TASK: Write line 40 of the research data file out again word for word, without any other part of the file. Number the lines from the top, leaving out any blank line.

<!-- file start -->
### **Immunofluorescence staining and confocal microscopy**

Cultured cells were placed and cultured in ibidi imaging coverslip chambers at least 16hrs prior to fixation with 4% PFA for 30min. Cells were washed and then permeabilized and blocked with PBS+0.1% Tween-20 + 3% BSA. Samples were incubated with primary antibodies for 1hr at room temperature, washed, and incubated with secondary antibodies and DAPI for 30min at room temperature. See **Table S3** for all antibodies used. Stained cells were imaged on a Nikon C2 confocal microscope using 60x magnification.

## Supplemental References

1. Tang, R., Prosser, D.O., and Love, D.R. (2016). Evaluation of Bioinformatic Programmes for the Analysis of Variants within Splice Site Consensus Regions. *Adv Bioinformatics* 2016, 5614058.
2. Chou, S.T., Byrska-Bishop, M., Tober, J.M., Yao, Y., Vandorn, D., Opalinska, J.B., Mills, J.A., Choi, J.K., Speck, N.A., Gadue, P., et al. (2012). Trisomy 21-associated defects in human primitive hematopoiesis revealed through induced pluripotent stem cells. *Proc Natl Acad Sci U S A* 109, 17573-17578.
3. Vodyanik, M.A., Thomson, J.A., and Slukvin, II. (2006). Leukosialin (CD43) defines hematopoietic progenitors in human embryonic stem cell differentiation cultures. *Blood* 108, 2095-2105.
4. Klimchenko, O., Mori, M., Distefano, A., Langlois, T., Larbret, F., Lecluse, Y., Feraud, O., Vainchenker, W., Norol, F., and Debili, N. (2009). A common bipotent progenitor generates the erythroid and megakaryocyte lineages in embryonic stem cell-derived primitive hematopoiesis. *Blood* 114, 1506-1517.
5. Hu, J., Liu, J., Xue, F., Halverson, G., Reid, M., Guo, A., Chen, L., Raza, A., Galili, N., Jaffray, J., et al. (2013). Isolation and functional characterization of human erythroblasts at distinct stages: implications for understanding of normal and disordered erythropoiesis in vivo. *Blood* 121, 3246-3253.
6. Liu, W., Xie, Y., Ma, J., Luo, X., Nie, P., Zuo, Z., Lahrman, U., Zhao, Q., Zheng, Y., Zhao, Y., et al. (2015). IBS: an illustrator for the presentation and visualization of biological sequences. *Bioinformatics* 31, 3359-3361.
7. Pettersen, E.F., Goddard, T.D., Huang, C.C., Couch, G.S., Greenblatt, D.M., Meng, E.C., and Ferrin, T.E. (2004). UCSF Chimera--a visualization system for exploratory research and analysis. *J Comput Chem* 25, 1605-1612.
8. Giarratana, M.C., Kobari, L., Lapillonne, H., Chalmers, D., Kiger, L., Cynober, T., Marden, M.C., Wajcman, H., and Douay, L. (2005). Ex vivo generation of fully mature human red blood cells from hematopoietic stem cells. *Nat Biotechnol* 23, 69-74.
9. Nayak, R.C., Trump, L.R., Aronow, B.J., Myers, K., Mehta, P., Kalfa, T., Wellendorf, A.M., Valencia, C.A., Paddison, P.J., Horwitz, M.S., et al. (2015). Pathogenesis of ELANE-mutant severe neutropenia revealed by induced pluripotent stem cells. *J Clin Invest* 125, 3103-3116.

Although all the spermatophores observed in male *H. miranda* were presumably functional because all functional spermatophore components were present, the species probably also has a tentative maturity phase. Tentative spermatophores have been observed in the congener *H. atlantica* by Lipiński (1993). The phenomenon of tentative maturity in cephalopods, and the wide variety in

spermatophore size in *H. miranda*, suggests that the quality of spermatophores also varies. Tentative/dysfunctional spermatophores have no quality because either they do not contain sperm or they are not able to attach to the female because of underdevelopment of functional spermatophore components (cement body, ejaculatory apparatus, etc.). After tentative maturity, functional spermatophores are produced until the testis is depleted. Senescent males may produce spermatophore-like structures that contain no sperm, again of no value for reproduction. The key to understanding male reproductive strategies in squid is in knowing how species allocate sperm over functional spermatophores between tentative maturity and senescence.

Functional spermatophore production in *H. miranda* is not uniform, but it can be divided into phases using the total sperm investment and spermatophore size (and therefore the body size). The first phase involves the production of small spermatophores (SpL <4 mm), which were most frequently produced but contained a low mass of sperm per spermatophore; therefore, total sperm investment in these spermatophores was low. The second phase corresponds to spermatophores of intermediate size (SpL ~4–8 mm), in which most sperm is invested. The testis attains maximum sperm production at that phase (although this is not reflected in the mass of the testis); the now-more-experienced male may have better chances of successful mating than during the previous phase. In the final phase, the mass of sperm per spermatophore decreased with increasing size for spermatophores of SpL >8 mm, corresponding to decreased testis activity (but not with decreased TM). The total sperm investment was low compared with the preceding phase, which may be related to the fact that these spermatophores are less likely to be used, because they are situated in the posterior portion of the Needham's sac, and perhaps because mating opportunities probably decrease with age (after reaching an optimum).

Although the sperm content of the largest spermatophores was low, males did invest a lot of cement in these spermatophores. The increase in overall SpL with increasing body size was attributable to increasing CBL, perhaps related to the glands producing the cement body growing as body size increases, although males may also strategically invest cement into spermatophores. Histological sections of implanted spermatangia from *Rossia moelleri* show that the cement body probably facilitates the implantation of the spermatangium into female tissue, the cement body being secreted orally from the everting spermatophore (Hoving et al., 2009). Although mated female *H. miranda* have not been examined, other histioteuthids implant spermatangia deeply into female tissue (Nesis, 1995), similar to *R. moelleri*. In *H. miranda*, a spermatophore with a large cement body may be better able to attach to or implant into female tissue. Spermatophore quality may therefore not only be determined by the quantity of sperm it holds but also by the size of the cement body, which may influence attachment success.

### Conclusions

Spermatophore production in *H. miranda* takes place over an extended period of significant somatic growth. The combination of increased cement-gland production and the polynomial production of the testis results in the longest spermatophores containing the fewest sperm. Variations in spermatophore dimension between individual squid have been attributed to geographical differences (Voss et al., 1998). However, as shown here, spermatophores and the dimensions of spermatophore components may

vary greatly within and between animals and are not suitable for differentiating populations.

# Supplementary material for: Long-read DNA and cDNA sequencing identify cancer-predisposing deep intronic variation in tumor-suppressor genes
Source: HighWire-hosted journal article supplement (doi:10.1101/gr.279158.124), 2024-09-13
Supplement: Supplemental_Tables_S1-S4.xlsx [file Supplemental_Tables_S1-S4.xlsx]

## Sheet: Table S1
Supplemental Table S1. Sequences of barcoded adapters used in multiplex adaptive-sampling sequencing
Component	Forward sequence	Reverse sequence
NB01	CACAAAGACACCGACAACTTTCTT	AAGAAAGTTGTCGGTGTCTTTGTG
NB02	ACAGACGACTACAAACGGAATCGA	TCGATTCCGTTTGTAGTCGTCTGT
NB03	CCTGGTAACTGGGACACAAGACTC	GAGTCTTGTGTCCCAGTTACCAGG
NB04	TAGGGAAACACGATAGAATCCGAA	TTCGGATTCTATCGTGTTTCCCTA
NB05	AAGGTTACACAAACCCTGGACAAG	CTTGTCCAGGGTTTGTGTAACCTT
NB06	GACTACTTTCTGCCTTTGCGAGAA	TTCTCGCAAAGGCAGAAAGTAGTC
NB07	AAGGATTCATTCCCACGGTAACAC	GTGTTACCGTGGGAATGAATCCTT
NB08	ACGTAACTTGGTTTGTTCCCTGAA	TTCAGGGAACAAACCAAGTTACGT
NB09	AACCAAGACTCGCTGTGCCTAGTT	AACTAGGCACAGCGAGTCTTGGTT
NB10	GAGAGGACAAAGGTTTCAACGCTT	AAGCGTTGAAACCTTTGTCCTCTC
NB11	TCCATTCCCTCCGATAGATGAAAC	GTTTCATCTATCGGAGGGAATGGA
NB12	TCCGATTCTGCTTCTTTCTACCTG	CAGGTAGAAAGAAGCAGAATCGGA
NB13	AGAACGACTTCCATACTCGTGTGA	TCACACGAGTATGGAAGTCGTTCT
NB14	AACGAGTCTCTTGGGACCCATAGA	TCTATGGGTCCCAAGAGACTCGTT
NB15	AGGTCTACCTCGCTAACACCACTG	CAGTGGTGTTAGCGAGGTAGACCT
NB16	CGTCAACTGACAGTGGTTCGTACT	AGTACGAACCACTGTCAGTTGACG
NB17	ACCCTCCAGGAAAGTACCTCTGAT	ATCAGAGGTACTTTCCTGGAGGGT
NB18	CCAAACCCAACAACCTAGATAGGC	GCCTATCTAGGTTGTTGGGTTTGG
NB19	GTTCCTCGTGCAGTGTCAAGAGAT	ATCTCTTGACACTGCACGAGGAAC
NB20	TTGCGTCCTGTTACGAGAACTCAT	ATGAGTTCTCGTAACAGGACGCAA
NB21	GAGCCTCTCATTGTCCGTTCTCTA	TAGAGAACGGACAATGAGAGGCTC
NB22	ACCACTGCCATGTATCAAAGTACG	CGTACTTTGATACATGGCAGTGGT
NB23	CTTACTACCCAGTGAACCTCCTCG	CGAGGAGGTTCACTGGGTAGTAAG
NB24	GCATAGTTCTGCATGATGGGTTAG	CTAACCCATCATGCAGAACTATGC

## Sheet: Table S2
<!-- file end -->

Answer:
NB15	AGGTCTACCTCGCTAACACCACTG	CAGTGGTGTTAGCGAGGTAGACCT